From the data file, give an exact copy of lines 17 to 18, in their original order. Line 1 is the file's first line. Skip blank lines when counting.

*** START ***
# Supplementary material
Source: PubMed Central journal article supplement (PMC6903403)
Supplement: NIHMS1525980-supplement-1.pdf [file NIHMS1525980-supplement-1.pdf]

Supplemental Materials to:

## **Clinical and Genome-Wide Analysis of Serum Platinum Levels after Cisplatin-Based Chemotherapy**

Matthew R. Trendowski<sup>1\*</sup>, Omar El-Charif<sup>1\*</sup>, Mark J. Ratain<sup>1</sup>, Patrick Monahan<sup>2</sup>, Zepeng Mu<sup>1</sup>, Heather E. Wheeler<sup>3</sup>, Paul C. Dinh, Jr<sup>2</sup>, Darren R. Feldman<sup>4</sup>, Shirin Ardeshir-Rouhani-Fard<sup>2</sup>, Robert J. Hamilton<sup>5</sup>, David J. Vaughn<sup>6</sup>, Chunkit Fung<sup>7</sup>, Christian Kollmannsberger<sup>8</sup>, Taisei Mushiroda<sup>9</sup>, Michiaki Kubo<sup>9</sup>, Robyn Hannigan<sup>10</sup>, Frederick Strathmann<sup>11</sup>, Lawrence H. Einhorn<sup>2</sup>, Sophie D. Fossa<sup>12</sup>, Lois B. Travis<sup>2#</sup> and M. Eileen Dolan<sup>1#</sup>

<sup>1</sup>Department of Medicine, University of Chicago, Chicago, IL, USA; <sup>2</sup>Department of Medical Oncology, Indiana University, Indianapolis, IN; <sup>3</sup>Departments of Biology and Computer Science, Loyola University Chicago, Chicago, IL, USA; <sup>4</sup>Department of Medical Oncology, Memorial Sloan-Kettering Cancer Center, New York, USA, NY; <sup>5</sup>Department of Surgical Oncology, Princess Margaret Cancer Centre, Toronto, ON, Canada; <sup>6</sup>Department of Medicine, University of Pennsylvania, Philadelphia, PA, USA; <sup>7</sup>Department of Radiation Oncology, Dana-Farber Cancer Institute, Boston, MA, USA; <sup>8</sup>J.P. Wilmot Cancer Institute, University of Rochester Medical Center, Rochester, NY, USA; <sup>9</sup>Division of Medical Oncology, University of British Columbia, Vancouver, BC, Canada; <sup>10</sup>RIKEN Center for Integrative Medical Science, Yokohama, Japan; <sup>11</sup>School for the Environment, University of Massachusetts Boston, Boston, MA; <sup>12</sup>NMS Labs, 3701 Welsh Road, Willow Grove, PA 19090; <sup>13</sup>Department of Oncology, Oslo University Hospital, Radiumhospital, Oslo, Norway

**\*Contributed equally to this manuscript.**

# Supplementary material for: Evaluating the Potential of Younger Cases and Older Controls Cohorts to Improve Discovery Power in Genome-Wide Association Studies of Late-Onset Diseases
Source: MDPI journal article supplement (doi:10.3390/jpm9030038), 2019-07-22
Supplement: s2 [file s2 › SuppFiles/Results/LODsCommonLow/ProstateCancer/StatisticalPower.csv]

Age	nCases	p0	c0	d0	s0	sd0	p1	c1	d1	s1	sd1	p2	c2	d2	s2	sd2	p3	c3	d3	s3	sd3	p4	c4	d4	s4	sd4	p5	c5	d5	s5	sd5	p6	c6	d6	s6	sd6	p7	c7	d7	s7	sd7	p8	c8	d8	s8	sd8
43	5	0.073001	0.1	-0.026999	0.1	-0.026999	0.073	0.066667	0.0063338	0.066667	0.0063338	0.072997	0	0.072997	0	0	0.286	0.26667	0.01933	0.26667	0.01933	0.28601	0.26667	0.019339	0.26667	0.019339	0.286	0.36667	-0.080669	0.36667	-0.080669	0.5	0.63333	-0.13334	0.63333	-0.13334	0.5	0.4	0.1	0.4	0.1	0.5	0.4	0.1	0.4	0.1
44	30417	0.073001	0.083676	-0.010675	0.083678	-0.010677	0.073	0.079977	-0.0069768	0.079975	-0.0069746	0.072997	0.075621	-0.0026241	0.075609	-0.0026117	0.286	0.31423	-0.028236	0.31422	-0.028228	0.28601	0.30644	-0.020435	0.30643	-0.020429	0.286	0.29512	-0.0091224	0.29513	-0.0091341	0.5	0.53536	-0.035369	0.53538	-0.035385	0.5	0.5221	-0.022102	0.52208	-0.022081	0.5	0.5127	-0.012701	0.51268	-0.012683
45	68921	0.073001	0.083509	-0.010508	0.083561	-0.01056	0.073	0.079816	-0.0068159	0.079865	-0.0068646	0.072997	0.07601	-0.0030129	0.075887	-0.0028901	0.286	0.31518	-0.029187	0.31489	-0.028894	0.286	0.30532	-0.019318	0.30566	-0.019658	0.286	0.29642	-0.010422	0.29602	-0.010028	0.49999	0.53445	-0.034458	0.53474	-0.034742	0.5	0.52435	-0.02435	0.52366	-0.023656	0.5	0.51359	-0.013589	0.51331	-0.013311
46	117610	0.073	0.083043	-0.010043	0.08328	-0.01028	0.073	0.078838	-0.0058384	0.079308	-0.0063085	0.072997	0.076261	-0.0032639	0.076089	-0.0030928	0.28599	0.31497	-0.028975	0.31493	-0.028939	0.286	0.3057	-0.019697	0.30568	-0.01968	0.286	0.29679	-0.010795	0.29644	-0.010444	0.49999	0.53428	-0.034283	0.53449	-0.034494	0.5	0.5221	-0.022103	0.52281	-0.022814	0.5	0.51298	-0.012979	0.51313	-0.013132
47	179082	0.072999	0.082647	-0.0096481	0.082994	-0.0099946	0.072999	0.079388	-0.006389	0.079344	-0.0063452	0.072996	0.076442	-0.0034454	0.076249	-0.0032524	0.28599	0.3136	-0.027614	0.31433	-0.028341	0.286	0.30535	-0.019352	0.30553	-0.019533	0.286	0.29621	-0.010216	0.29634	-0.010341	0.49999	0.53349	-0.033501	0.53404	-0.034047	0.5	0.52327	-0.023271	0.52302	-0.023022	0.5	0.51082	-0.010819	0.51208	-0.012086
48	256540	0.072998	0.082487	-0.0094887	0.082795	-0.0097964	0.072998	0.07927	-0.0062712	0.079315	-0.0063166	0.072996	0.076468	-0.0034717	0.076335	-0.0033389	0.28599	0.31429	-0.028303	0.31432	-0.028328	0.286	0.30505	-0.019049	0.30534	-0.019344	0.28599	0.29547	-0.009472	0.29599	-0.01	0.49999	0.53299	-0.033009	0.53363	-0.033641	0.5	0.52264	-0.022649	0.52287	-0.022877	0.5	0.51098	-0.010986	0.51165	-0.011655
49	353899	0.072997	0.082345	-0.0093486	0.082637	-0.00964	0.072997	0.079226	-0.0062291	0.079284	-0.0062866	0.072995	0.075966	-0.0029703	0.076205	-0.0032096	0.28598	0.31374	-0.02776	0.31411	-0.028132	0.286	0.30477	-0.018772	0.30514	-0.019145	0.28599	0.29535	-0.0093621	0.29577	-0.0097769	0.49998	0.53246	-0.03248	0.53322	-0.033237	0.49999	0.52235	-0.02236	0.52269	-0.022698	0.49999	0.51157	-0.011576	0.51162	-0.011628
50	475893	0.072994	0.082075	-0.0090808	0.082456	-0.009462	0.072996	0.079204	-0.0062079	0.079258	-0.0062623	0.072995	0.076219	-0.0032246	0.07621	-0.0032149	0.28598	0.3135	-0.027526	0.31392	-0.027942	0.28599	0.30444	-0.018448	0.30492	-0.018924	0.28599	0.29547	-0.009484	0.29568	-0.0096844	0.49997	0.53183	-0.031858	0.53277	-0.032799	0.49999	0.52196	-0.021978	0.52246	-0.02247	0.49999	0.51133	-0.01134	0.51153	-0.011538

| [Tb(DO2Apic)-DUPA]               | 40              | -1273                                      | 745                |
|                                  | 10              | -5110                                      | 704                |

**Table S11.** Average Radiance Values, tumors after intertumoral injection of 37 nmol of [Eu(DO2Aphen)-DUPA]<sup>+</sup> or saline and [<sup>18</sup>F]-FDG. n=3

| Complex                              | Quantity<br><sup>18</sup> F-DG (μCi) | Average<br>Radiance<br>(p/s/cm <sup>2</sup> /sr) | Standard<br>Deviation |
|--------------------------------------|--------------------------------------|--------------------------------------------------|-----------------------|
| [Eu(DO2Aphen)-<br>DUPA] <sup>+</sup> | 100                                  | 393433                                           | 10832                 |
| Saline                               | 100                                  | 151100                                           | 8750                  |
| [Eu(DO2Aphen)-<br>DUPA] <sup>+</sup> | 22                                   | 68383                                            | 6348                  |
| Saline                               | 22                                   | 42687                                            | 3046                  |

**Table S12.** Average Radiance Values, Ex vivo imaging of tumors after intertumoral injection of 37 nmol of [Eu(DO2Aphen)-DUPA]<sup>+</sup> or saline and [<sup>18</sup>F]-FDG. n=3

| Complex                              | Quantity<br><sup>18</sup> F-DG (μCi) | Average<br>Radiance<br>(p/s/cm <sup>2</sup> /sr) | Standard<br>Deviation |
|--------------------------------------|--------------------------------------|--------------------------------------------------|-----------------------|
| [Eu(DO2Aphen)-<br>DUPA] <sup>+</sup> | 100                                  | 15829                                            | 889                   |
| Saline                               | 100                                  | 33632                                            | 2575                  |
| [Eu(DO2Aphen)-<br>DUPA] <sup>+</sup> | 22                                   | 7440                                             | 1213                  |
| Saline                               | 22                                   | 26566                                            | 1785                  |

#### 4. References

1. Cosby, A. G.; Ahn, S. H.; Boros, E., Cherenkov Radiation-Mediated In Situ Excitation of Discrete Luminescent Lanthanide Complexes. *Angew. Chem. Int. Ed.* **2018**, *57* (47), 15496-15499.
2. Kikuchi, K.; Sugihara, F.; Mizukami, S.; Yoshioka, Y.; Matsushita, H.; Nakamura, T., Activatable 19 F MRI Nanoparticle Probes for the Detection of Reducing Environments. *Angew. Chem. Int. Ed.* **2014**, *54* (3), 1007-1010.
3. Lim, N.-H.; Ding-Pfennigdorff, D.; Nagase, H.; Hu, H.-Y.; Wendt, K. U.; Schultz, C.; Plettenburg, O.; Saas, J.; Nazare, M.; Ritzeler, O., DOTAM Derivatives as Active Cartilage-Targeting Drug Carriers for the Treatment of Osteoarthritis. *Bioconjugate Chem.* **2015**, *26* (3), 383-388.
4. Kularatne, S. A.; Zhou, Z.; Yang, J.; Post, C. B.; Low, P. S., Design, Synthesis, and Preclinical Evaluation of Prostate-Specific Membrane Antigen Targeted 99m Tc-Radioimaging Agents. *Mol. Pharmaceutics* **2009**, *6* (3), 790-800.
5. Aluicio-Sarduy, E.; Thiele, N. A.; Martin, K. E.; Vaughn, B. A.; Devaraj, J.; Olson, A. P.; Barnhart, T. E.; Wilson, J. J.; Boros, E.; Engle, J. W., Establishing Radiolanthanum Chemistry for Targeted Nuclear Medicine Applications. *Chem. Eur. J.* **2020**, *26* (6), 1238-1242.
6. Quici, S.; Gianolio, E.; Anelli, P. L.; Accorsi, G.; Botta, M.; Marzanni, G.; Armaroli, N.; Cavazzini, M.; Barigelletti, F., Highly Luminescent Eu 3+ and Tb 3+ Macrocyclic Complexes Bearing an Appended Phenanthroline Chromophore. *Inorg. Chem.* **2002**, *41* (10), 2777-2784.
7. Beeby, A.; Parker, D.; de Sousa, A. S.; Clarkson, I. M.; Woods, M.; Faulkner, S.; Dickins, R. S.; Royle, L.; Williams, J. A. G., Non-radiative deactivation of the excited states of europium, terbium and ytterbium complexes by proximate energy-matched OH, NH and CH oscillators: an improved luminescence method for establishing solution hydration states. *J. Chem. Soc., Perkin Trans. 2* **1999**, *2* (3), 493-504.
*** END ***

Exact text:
47	179082	0.072999	0.082647	-0.0096481	0.082994	-0.0099946	0.072999	0.079388	-0.006389	0.079344	-0.0063452	0.072996	0.076442	-0.0034454	0.076249	-0.0032524	0.28599	0.3136	-0.027614	0.31433	-0.028341	0.286	0.30535	-0.019352	0.30553	-0.019533	0.286	0.29621	-0.010216	0.29634	-0.010341	0.49999	0.53349	-0.033501	0.53404	-0.034047	0.5	0.52327	-0.023271	0.52302	-0.023022	0.5	0.51082	-0.010819	0.51208	-0.012086
48	256540	0.072998	0.082487	-0.0094887	0.082795	-0.0097964	0.072998	0.07927	-0.0062712	0.079315	-0.0063166	0.072996	0.076468	-0.0034717	0.076335	-0.0033389	0.28599	0.31429	-0.028303	0.31432	-0.028328	0.286	0.30505	-0.019049	0.30534	-0.019344	0.28599	0.29547	-0.009472	0.29599	-0.01	0.49999	0.53299	-0.033009	0.53363	-0.033641	0.5	0.52264	-0.022649	0.52287	-0.022877	0.5	0.51098	-0.010986	0.51165	-0.011655